WASHINGTON (AP) — Democrats are facing an uphill fight as they try to capture the Senate majority next year.
Since Republicans control the Senate 53-47, Democrats need to gain three seats to take over if they defeat President Donald Trump next November. They would need four if Trump wins, thanks to the vice president’s tie-breaking vote in the chamber.
In Democrats’ favor, Republicans will be defending 22 of the 34 contested Senate seats in 2020.
Here’s a look at some states that will affect the battle for Senate control .
Democrat Doug Jones won a stunning upset in a 2017 Senate special election. The former U.S. attorney narrowly defeated former state Supreme Court Chief Justice Roy Moore after the Republican was accused of sexual misconduct with teenagers decades earlier.
Jones is an underdog to win next year, but that will depend on his opponent.
GOP Rep. Bradley Byrne has already said he’ll challenge Jones and other lawmakers may follow. Former Attorney General Jeff Sessions, who once held Jones’ seat, declined to say in a recent interview whether he would run again.
Moore also refused to rule out a run, saying in an interview, “I think that President Trump needs some help.” A rerun seems unlikely, but Democrats are drooling at the prospect of drawing him again.
Solidly Republican Kansas and Alabama have something in common besides perennially strong college sports teams: potential Senate candidates from the hard right who might boost Democrats to unexpected victory.
In Kansas, U.S. Secretary of State Mike Pompeo, a former congressman, says he’s ruled out seeking retiring GOP Sen. Pat Roberts’ seat. Republicans think he’d win easily and are hoping he’ll change his mind, but others are preparing to jump in.
Former Kansas Secretary of State Kris Kobach, an outspoken Trump ally, has been considering a Senate run. He lost a race for governor last year — suggesting his candidacy might open the door to a Democratic win.
Republican Sen. Susan Collins has a decades-old brand as an independent who bucks her party on issues like abortion rights. Democrats plan to attack that chiefly with five words: Supreme Court Justice Brett Kavanaugh.
After months of public fence-sitting, Collins provided a crucial vote for the conservative’s confirmation last fall. She said the sexual misconduct allegations against him from the 1980s shouldn’t block his ascension to the court.
Collins helped sink a 2017 GOP bill scuttling President Barack Obama’s health care law. She was the only Republican senator seeking re-election next year to oppose Trump’s national emergency at the southern border in a March vote.
Possible Democratic opponents include former Maine House Speaker Hannah Pingree, daughter of Maine Rep. Chellie Pingree, and Sarah Gideon, the current state House speaker.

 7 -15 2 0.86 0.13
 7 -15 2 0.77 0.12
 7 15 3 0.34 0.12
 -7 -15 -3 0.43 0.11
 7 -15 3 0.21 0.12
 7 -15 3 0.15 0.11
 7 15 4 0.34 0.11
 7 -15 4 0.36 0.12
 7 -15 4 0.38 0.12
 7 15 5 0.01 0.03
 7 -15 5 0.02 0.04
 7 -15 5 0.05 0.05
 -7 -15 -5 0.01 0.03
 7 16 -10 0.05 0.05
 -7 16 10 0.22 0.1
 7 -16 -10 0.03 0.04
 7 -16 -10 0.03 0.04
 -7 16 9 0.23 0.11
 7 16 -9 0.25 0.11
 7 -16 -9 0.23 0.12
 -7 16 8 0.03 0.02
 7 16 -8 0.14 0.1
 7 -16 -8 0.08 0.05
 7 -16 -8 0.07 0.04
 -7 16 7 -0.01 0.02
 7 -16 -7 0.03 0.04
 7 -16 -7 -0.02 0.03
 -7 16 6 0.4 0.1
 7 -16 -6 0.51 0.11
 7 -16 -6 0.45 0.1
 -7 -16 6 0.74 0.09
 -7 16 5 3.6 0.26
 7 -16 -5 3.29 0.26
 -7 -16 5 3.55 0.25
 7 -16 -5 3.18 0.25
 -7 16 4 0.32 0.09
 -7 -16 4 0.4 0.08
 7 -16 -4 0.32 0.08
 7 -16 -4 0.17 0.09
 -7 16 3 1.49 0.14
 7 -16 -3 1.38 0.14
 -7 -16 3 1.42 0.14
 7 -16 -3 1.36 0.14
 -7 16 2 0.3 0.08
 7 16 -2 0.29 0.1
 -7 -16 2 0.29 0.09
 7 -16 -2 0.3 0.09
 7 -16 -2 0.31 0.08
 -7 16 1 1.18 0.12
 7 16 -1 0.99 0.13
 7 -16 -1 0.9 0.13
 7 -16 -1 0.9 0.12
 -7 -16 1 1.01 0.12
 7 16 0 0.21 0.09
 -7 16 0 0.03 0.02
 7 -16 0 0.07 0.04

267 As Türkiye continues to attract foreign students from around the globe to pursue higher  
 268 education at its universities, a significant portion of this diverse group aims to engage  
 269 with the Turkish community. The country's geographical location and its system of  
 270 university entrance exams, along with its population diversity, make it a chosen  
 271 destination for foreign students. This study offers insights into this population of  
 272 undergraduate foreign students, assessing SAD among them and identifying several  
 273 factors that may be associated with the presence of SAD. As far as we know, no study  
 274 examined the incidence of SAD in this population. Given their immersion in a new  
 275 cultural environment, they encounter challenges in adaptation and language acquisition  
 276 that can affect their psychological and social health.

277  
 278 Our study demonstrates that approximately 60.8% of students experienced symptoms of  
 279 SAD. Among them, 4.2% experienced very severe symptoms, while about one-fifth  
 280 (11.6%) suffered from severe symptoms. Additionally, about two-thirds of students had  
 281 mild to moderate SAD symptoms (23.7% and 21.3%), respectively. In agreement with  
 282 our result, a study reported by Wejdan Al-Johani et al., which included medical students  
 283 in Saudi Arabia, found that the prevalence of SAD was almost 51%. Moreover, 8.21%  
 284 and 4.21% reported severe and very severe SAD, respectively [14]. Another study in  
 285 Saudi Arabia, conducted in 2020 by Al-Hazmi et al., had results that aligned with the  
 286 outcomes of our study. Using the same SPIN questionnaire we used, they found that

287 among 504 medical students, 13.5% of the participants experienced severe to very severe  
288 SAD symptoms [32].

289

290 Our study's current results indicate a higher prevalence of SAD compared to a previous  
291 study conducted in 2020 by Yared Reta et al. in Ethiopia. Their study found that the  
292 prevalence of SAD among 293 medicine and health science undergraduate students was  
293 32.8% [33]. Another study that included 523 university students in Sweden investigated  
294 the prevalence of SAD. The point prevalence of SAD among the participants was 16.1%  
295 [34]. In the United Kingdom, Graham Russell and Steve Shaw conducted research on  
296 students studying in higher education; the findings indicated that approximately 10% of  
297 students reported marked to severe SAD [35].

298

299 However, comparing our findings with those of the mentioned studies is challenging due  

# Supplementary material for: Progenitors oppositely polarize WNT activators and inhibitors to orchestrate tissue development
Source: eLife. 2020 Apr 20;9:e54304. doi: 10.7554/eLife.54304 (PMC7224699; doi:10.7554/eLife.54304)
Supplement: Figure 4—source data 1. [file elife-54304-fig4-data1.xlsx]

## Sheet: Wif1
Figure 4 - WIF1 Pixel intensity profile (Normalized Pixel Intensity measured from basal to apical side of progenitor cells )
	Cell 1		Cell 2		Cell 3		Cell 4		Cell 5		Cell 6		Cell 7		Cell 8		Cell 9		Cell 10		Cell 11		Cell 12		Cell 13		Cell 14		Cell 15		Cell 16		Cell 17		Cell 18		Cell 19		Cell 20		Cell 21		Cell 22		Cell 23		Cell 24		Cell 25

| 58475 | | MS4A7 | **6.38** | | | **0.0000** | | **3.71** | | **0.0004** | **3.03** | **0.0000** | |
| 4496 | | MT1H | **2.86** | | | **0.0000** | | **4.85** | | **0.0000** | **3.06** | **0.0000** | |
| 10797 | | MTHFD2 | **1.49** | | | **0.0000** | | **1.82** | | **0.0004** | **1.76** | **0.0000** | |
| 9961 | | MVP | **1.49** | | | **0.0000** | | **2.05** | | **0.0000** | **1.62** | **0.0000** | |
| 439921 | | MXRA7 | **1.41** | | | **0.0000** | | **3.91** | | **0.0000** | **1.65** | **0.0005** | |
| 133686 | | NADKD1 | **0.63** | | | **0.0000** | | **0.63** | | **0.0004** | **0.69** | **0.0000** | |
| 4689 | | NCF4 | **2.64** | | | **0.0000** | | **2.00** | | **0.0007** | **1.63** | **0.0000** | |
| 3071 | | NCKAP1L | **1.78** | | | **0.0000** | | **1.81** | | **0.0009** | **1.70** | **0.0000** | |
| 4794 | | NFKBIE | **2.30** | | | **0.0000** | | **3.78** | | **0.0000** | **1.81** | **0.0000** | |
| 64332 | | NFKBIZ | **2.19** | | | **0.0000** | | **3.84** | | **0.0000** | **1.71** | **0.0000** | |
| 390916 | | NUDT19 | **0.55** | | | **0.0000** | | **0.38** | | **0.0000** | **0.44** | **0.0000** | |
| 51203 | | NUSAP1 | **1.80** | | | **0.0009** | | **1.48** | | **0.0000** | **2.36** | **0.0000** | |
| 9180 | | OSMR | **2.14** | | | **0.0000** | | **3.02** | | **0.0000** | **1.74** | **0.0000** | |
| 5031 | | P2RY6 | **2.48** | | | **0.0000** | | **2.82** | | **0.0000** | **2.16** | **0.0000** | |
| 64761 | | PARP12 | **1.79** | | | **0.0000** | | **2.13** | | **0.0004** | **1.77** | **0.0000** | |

Senate Majority Leader Mitch McConnell will be a tough target. But his refusal in 2016 to even consider former President Barack Obama’s Supreme Court nominee, Merrick Garland, has won him a special place in Democrats’ hearts.
McConnell will be seeking a seventh term in a state Trump, whose name will be on the ballot, carried in 2016 by 30 percentage points. He’s also a sturdy fundraiser.
Senate Minority Leader Chuck Schumer, D-N.Y., has urged former Marine fighter pilot Amy McGrath to run. McGrath, who narrowly lost a race against GOP Rep. Andy Barr in central Kentucky last year, has not said what she’ll do.
Also considering running is Matt Jones, a liberal and well-known radio sports talk show host in Kentucky.
On Feb. 25, GOP Sen. Thom Tillis published an opinion column in The Washington Post saying he’d vote to block Trump’s declared emergency at the Mexican border. He wrote there’d be “no intellectual honesty” for him to back Trump for eroding Congress’ powers after complaining when Obama acted similarly.
Less than three weeks later, Tillis voted to support Trump anyway after saying the president had agreed to discuss future constraints on presidents against such moves.
Tillis, first elected in 2014 by less than 2 percentage points, was already likely to face a competitive race next year in the closely divided state. His reversal seemed to make that more certain.
So far no high-profile challengers have emerged for the GOP primary or general election.
Democrats say there’s a template for Tillis. Sen. Dean Heller, R-Nev., announced in early 2017 that he opposed Trump’s effort to repeal Obama’s health care law, but then voted with Trump. Heller lost his 2018 re-election bid by 5 percentage points, though Nevada is more Democratic than North Carolina.